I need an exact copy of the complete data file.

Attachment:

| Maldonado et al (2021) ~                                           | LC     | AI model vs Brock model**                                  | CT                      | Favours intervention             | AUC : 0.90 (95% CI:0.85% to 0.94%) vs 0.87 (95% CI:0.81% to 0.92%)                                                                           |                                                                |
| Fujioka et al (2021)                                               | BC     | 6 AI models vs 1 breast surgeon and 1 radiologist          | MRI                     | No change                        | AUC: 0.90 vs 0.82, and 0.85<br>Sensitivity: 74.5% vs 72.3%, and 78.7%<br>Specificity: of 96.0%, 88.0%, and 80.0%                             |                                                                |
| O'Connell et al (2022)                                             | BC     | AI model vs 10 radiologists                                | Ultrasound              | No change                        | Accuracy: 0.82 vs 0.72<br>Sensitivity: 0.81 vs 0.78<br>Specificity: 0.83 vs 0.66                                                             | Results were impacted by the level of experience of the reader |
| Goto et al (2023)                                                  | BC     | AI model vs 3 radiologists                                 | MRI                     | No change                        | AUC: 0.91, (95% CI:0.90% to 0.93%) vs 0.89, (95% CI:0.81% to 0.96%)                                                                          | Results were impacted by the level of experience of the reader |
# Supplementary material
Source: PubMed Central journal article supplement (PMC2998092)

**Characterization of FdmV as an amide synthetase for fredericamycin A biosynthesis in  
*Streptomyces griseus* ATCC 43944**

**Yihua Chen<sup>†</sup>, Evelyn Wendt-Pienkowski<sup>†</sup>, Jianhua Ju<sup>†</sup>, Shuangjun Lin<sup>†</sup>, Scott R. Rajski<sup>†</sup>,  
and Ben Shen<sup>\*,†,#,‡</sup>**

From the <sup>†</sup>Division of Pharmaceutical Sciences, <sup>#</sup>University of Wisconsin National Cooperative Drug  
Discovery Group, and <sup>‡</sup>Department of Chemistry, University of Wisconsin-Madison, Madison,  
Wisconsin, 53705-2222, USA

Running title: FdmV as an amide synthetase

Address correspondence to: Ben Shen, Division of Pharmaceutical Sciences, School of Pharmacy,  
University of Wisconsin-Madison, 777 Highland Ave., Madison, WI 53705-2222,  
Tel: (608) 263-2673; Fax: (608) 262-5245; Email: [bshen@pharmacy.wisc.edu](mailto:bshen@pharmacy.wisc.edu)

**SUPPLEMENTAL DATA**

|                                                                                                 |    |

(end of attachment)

| Maldonado et al (2021) ~                                           | LC     | AI model vs Brock model**                                  | CT                      | Favours intervention             | AUC : 0.90 (95% CI:0.85% to 0.94%) vs 0.87 (95% CI:0.81% to 0.92%)                                                                           |                                                                |
| Fujioka et al (2021)                                               | BC     | 6 AI models vs 1 breast surgeon and 1 radiologist          | MRI                     | No change                        | AUC: 0.90 vs 0.82, and 0.85<br>Sensitivity: 74.5% vs 72.3%, and 78.7%<br>Specificity: of 96.0%, 88.0%, and 80.0%                             |                                                                |
| O'Connell et al (2022)                                             | BC     | AI model vs 10 radiologists                                | Ultrasound              | No change                        | Accuracy: 0.82 vs 0.72<br>Sensitivity: 0.81 vs 0.78<br>Specificity: 0.83 vs 0.66                                                             | Results were impacted by the level of experience of the reader |
| Goto et al (2023)                                                  | BC     | AI model vs 3 radiologists                                 | MRI                     | No change                        | AUC: 0.91, (95% CI:0.90% to 0.93%) vs 0.89, (95% CI:0.81% to 0.96%)                                                                          | Results were impacted by the level of experience of the reader |
# Supplementary material
Source: PubMed Central journal article supplement (PMC2998092)

**Characterization of FdmV as an amide synthetase for fredericamycin A biosynthesis in  
*Streptomyces griseus* ATCC 43944**

**Yihua Chen<sup>†</sup>, Evelyn Wendt-Pienkowski<sup>†</sup>, Jianhua Ju<sup>†</sup>, Shuangjun Lin<sup>†</sup>, Scott R. Rajski<sup>†</sup>,  
and Ben Shen<sup>\*,†,#,‡</sup>**

From the <sup>†</sup>Division of Pharmaceutical Sciences, <sup>#</sup>University of Wisconsin National Cooperative Drug  
Discovery Group, and <sup>‡</sup>Department of Chemistry, University of Wisconsin-Madison, Madison,  
Wisconsin, 53705-2222, USA

Running title: FdmV as an amide synthetase

Address correspondence to: Ben Shen, Division of Pharmaceutical Sciences, School of Pharmacy,  
University of Wisconsin-Madison, 777 Highland Ave., Madison, WI 53705-2222,  
Tel: (608) 263-2673; Fax: (608) 262-5245; Email: [bshen@pharmacy.wisc.edu](mailto:bshen@pharmacy.wisc.edu)

**SUPPLEMENTAL DATA**

|                                                                                                 |    |